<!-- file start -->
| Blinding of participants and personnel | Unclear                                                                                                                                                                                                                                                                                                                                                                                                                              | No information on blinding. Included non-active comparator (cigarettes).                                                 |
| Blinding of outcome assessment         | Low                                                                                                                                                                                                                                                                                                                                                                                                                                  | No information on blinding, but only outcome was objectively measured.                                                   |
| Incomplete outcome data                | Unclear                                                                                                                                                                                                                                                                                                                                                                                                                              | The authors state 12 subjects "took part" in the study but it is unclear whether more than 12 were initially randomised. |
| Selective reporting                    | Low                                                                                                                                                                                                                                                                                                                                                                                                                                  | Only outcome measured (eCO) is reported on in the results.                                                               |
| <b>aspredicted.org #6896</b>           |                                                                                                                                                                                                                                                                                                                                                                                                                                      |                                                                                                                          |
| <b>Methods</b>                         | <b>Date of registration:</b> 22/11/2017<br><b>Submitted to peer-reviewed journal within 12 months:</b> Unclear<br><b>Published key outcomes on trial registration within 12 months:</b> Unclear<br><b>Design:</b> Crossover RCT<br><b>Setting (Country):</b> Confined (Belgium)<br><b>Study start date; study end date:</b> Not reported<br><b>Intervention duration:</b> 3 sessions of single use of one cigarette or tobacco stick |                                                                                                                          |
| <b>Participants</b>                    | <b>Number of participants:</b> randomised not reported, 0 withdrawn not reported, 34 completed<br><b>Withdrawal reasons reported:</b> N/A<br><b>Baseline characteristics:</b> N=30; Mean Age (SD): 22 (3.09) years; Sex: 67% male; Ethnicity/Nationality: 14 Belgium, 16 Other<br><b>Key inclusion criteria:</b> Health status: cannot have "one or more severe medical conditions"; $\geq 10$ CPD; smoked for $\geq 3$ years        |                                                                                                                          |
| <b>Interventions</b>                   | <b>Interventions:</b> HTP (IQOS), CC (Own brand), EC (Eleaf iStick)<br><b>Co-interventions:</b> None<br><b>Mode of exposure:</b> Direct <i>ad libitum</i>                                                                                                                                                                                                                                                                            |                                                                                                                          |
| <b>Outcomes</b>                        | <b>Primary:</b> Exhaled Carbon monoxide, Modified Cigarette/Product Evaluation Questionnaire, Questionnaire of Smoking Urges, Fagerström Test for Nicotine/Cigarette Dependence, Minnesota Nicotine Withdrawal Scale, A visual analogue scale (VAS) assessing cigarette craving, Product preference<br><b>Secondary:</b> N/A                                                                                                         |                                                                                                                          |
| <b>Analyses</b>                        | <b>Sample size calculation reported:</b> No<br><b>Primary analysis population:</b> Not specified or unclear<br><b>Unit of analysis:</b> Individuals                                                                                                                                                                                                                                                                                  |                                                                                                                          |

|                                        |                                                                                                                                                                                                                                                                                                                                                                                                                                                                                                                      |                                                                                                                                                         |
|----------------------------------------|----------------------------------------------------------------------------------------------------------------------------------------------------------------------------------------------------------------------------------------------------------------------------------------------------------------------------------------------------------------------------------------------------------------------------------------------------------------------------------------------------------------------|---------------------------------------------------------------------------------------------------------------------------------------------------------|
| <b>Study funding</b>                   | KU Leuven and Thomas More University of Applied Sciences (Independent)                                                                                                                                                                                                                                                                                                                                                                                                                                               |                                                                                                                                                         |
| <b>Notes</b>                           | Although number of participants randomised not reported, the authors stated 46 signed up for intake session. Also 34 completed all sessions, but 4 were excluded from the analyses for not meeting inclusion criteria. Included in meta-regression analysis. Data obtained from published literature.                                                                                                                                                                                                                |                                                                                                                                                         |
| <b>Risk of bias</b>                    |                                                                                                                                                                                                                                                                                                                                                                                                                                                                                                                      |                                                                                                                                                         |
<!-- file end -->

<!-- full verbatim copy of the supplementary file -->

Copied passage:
| Blinding of participants and personnel | Unclear                                                                                                                                                                                                                                                                                                                                                                                                                              | No information on blinding. Included non-active comparator (cigarettes).                                                 |
| Blinding of outcome assessment         | Low                                                                                                                                                                                                                                                                                                                                                                                                                                  | No information on blinding, but only outcome was objectively measured.                                                   |
| Incomplete outcome data                | Unclear                                                                                                                                                                                                                                                                                                                                                                                                                              | The authors state 12 subjects "took part" in the study but it is unclear whether more than 12 were initially randomised. |
| Selective reporting                    | Low                                                                                                                                                                                                                                                                                                                                                                                                                                  | Only outcome measured (eCO) is reported on in the results.                                                               |
| <b>aspredicted.org #6896</b>           |                                                                                                                                                                                                                                                                                                                                                                                                                                      |                                                                                                                          |
| <b>Methods</b>                         | <b>Date of registration:</b> 22/11/2017<br><b>Submitted to peer-reviewed journal within 12 months:</b> Unclear<br><b>Published key outcomes on trial registration within 12 months:</b> Unclear<br><b>Design:</b> Crossover RCT<br><b>Setting (Country):</b> Confined (Belgium)<br><b>Study start date; study end date:</b> Not reported<br><b>Intervention duration:</b> 3 sessions of single use of one cigarette or tobacco stick |                                                                                                                          |
| <b>Participants</b>                    | <b>Number of participants:</b> randomised not reported, 0 withdrawn not reported, 34 completed<br><b>Withdrawal reasons reported:</b> N/A<br><b>Baseline characteristics:</b> N=30; Mean Age (SD): 22 (3.09) years; Sex: 67% male; Ethnicity/Nationality: 14 Belgium, 16 Other<br><b>Key inclusion criteria:</b> Health status: cannot have "one or more severe medical conditions"; $\geq 10$ CPD; smoked for $\geq 3$ years        |                                                                                                                          |
| <b>Interventions</b>                   | <b>Interventions:</b> HTP (IQOS), CC (Own brand), EC (Eleaf iStick)<br><b>Co-interventions:</b> None<br><b>Mode of exposure:</b> Direct <i>ad libitum</i>                                                                                                                                                                                                                                                                            |                                                                                                                          |
| <b>Outcomes</b>                        | <b>Primary:</b> Exhaled Carbon monoxide, Modified Cigarette/Product Evaluation Questionnaire, Questionnaire of Smoking Urges, Fagerström Test for Nicotine/Cigarette Dependence, Minnesota Nicotine Withdrawal Scale, A visual analogue scale (VAS) assessing cigarette craving, Product preference<br><b>Secondary:</b> N/A                                                                                                         |                                                                                                                          |
| <b>Analyses</b>                        | <b>Sample size calculation reported:</b> No<br><b>Primary analysis population:</b> Not specified or unclear<br><b>Unit of analysis:</b> Individuals                                                                                                                                                                                                                                                                                  |                                                                                                                          |

|                                        |                                                                                                                                                                                                                                                                                                                                                                                                                                                                                                                      |                                                                                                                                                         |
|----------------------------------------|----------------------------------------------------------------------------------------------------------------------------------------------------------------------------------------------------------------------------------------------------------------------------------------------------------------------------------------------------------------------------------------------------------------------------------------------------------------------------------------------------------------------|---------------------------------------------------------------------------------------------------------------------------------------------------------|
| <b>Study funding</b>                   | KU Leuven and Thomas More University of Applied Sciences (Independent)                                                                                                                                                                                                                                                                                                                                                                                                                                               |                                                                                                                                                         |
| <b>Notes</b>                           | Although number of participants randomised not reported, the authors stated 46 signed up for intake session. Also 34 completed all sessions, but 4 were excluded from the analyses for not meeting inclusion criteria. Included in meta-regression analysis. Data obtained from published literature.                                                                                                                                                                                                                |                                                                                                                                                         |
| <b>Risk of bias</b>                    |                                                                                                                                                                                                                                                                                                                                                                                                                                                                                                                      |                                                                                                                                                         |